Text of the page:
Scooter Recap

After having a working scooter for nearly a week, I can conclude that, while definitely delayed, there was gratification.

Further, it's worth noting that after thoroughly testing said vehicle, I can accurately report some of its idiosyncrasies.

1) RPM limit

Using the sensorless jasontroller (350W yiyun yk85s) definitely has its benefits: it costs next to nothing, is very small, and is extremely easy to set up. However, as I discovered only after several motor cutouts, its commutation frequency is limited to 550Hz (electrical). Check out Charles' blog post for details. And while scooters with larger, lower kV motors may graze this limit, my spunky 280kv motor is well above it, eliciting many a drivetrain failure early on in its derpy little life. (Sounds like a job for custom motor controller  Hobbyking airplane ESC man!)

2) Controller modding is almost definitely required

350W out of the controller is boring. Heck, 500W was too. In fact, to get the acceleration to something usable on a day-to-day basis required that I decrease the shunt resistance with solder globs. Controller output currently sits at ~800W.

It's as easy as popping
open the controller...
Finding the shunt resistor
(in this case, a piece of wire)
And globbing on some solder. 

Note: for a slightly more legitimate solution, you can cut the piece of wire and solder in an SMD resistor on the traces on the bottom of the board.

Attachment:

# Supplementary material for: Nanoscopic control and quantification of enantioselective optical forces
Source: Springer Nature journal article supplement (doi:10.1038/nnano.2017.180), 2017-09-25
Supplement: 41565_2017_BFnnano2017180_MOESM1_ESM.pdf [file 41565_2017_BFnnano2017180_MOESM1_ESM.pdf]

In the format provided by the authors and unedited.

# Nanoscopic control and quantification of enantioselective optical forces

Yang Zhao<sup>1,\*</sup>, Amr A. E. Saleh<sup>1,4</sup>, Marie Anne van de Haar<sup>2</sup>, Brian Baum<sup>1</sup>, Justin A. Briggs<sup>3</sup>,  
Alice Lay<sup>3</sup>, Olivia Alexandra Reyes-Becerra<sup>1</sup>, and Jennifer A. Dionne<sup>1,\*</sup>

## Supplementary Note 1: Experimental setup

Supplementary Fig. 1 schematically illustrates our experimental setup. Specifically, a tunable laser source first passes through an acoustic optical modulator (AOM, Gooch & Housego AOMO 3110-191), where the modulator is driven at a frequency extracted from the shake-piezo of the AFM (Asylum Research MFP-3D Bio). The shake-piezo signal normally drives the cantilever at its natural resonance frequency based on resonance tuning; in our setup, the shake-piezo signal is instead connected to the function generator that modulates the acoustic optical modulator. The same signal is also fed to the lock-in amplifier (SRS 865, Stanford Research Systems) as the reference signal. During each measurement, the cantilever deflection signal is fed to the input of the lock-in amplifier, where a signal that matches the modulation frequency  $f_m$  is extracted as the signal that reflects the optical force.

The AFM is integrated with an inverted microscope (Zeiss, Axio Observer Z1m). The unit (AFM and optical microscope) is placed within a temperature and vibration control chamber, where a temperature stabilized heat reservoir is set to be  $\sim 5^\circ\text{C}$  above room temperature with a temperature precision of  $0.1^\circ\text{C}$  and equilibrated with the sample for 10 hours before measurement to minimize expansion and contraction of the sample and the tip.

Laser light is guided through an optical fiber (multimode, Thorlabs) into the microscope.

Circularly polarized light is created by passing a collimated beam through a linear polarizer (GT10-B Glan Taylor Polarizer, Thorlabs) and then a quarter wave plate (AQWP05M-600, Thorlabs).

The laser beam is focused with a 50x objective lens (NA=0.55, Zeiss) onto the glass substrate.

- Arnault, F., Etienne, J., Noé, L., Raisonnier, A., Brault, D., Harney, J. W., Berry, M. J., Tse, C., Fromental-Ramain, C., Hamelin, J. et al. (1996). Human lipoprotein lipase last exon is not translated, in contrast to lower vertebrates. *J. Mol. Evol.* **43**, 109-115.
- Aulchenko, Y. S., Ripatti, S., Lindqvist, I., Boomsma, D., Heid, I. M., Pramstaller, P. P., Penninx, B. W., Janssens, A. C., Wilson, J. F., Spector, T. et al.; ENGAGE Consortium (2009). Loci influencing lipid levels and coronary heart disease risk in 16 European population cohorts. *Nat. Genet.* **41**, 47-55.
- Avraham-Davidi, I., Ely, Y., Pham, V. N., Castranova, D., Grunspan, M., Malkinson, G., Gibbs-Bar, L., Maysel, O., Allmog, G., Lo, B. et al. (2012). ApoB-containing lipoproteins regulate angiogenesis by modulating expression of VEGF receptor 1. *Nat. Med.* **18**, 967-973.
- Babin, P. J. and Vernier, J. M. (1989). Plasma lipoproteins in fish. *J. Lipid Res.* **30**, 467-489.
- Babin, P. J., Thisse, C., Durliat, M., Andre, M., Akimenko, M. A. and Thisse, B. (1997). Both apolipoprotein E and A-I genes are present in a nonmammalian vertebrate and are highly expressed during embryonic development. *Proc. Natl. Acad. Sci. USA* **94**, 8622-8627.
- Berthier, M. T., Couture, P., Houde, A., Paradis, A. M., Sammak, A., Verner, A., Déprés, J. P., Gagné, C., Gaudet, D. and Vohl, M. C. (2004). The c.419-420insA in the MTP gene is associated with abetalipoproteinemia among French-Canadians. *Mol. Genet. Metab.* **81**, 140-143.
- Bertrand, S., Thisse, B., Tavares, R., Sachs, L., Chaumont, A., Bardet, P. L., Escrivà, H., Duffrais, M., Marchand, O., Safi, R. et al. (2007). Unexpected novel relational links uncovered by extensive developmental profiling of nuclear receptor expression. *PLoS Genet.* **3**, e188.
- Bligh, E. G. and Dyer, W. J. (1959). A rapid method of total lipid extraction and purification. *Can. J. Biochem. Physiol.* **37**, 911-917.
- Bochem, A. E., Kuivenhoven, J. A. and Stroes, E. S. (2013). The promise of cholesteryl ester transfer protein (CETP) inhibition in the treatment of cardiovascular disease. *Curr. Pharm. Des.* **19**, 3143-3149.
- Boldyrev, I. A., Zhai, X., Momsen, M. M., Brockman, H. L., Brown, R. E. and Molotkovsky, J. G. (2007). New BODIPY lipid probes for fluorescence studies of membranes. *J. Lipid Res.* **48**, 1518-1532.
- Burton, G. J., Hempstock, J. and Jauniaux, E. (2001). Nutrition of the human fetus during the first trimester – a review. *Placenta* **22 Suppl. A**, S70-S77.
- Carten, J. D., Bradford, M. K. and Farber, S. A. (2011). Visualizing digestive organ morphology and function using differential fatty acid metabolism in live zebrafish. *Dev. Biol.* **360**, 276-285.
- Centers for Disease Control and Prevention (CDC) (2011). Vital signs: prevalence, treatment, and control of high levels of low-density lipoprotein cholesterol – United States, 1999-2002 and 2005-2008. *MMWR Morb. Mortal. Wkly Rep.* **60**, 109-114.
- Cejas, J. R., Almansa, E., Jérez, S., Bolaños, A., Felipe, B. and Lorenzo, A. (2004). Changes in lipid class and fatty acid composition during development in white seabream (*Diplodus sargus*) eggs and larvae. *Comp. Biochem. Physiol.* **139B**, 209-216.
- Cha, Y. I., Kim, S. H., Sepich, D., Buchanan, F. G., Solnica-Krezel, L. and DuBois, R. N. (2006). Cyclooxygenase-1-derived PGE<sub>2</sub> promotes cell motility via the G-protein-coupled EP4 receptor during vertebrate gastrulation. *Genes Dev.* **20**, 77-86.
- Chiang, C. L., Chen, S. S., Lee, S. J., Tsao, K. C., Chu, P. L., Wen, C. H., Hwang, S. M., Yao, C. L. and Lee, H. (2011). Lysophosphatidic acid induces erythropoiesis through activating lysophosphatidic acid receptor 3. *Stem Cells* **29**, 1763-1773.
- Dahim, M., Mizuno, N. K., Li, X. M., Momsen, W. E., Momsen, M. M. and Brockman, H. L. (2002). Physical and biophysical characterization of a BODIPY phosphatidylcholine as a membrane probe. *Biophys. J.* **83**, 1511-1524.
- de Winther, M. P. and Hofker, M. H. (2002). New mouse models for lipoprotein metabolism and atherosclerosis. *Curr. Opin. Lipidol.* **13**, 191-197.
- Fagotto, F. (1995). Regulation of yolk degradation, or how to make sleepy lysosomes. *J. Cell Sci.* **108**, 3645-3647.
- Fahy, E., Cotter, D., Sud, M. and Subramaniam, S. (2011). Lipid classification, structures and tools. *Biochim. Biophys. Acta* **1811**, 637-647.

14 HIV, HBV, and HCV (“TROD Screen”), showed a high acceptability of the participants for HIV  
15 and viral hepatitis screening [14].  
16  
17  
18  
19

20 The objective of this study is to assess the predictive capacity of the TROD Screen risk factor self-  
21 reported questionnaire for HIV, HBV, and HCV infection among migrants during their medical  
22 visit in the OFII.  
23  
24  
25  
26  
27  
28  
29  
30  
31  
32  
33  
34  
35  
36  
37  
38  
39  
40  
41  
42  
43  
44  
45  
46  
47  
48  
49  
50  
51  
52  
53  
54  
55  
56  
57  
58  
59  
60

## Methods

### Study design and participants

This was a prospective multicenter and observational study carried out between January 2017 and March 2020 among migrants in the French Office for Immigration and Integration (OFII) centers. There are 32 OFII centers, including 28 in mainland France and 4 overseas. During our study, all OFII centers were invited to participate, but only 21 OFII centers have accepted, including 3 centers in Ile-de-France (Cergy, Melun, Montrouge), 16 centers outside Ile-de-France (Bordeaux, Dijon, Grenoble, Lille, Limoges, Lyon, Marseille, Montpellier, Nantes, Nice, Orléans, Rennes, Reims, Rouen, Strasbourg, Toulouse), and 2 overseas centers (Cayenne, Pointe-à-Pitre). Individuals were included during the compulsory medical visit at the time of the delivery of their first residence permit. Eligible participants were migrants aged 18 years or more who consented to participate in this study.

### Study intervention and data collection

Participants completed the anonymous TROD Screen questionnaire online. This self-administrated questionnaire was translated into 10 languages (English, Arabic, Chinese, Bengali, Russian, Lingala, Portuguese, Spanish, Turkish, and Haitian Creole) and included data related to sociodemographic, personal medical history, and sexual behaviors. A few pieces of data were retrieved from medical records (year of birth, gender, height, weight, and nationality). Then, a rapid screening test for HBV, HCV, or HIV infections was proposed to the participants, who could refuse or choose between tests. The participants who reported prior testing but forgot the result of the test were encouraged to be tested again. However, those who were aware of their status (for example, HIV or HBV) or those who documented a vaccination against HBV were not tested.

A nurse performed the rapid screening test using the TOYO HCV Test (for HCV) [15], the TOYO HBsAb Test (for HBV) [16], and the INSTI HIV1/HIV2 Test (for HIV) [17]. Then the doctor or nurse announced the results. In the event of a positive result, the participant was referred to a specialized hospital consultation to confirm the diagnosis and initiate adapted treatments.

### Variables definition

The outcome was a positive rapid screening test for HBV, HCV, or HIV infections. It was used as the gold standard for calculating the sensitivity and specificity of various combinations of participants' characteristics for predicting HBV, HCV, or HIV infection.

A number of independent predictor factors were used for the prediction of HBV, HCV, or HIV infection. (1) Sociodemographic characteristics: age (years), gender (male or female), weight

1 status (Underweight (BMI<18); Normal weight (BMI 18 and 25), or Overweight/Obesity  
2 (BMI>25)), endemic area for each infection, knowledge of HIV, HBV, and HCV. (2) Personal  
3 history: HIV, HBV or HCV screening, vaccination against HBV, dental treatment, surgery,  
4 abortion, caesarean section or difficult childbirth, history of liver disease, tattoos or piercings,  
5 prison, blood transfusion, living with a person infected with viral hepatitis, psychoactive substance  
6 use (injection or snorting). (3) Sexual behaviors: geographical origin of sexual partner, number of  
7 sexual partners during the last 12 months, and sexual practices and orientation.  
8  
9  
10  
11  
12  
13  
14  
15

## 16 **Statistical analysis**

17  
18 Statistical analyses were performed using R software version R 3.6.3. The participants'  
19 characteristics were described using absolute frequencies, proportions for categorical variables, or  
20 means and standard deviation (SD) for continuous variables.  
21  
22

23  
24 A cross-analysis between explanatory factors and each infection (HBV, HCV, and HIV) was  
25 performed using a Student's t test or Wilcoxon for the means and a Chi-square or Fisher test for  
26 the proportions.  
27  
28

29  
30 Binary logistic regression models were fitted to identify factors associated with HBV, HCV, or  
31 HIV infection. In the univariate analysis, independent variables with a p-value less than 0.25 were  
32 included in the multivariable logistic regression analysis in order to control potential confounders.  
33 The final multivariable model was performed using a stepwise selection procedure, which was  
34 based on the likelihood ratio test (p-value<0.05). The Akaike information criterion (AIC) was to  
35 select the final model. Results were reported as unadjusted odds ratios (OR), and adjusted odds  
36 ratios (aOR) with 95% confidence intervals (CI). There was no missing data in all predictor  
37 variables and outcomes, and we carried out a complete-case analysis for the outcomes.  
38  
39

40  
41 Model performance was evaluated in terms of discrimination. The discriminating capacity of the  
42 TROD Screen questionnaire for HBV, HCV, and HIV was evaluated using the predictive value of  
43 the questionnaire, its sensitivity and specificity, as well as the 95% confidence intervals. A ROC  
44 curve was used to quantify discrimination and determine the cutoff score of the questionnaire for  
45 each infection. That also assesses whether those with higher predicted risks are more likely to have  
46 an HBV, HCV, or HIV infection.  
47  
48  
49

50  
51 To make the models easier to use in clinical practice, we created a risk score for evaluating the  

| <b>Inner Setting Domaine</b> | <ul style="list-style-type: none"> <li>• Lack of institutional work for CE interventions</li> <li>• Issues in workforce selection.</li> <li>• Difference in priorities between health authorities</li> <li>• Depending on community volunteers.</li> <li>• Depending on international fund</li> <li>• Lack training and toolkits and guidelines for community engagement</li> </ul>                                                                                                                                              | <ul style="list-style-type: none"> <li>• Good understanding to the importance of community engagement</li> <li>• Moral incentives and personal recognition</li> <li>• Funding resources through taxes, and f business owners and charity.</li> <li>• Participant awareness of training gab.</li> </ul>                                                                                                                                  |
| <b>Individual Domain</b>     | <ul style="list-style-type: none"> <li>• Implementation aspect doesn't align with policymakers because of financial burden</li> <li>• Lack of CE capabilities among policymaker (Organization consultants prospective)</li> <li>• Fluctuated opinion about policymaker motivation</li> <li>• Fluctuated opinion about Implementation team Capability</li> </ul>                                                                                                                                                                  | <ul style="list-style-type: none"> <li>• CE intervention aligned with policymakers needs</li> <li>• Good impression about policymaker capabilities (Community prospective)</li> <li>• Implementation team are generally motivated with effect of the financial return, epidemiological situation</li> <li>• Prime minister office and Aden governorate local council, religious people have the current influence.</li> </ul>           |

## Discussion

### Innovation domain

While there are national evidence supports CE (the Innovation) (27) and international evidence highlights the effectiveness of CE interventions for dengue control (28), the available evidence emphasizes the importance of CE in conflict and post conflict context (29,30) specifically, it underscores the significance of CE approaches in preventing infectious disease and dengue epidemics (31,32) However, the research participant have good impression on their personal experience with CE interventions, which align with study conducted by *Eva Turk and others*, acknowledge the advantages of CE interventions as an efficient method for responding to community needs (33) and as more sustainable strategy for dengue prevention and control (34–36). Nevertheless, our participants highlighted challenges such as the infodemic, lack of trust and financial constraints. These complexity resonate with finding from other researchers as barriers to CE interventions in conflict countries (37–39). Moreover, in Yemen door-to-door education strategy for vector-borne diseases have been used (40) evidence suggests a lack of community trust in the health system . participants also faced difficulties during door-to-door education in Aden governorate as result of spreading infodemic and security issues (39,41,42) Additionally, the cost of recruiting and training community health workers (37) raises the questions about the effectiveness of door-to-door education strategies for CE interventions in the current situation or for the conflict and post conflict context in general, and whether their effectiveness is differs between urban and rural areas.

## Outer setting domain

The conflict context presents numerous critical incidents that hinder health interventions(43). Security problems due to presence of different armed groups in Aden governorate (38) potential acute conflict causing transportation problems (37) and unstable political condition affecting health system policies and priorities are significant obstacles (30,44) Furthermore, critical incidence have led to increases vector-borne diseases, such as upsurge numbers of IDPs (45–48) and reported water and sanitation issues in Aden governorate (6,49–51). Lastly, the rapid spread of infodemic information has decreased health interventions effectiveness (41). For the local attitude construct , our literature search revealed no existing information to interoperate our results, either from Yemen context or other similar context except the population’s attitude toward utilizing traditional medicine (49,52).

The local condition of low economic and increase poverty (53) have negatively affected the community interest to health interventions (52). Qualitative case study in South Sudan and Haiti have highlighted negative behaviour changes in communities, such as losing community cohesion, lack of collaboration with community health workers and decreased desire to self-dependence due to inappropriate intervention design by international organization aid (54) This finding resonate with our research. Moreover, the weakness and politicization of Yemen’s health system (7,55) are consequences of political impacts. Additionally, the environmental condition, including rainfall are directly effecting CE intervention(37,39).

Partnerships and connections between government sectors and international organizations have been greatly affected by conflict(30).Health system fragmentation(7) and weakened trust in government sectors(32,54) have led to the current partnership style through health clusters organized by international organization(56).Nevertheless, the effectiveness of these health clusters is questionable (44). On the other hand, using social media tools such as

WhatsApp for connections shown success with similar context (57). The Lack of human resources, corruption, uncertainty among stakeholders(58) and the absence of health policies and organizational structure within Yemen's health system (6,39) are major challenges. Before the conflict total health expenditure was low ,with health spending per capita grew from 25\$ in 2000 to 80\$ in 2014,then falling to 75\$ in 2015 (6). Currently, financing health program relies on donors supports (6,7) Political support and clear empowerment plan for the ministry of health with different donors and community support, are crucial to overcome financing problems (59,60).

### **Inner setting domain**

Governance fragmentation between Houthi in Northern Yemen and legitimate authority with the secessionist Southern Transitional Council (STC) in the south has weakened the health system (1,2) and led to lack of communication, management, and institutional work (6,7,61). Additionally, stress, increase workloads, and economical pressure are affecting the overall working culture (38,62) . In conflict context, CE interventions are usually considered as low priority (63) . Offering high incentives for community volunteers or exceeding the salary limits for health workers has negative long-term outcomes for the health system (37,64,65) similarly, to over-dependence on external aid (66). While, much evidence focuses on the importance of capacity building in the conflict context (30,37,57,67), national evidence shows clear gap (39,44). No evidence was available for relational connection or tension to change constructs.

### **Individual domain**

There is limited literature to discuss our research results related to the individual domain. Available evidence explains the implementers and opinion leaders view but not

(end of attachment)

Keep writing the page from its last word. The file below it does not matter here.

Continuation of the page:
3) Hot motor is hot

Among the many valuable skills an EV builder must have, being able to translate sketchy Hobbyking ratings to IRL ratings is necessary. As it stands, the current motor is rated for 1.5kW*. It's important to remember that this motor is meant for R/C plane duty, which has a significantly lower inertial load as compared to that of a vehicle. Further, the typical outrunner is exposed to much greater airflow when not mounted to the inside of a piece of u-channel.


Le Result:

In the end, with a 10S2P pack, I ended up getting 4 miles of range (the distance between my dorm and MITERS) with an average speed of 14 mph.

After-trip charge revealed an effective capacity of 3.1Ah

These are quite reasonable numbers considering the route there was very hilly, and that my downhill speed was artificially limited by the commutation frequency and my rolling resistance (no throttle going downhill).

The average grade was found to be 0.2%, so my mileage wasn't too far off from what I'd get on a reasonably flat route.

If I were to stay with the same motor, I'd probably go for a lower voltage pack at a higher capacity (I can only utilize so many rpm), choose a lower gear ratio (currently 11:55), or just go for a lower kv motor.

It also turns out that it take less time to get to MITERS on the scooter than it does to train.


And on that note, happy scootering!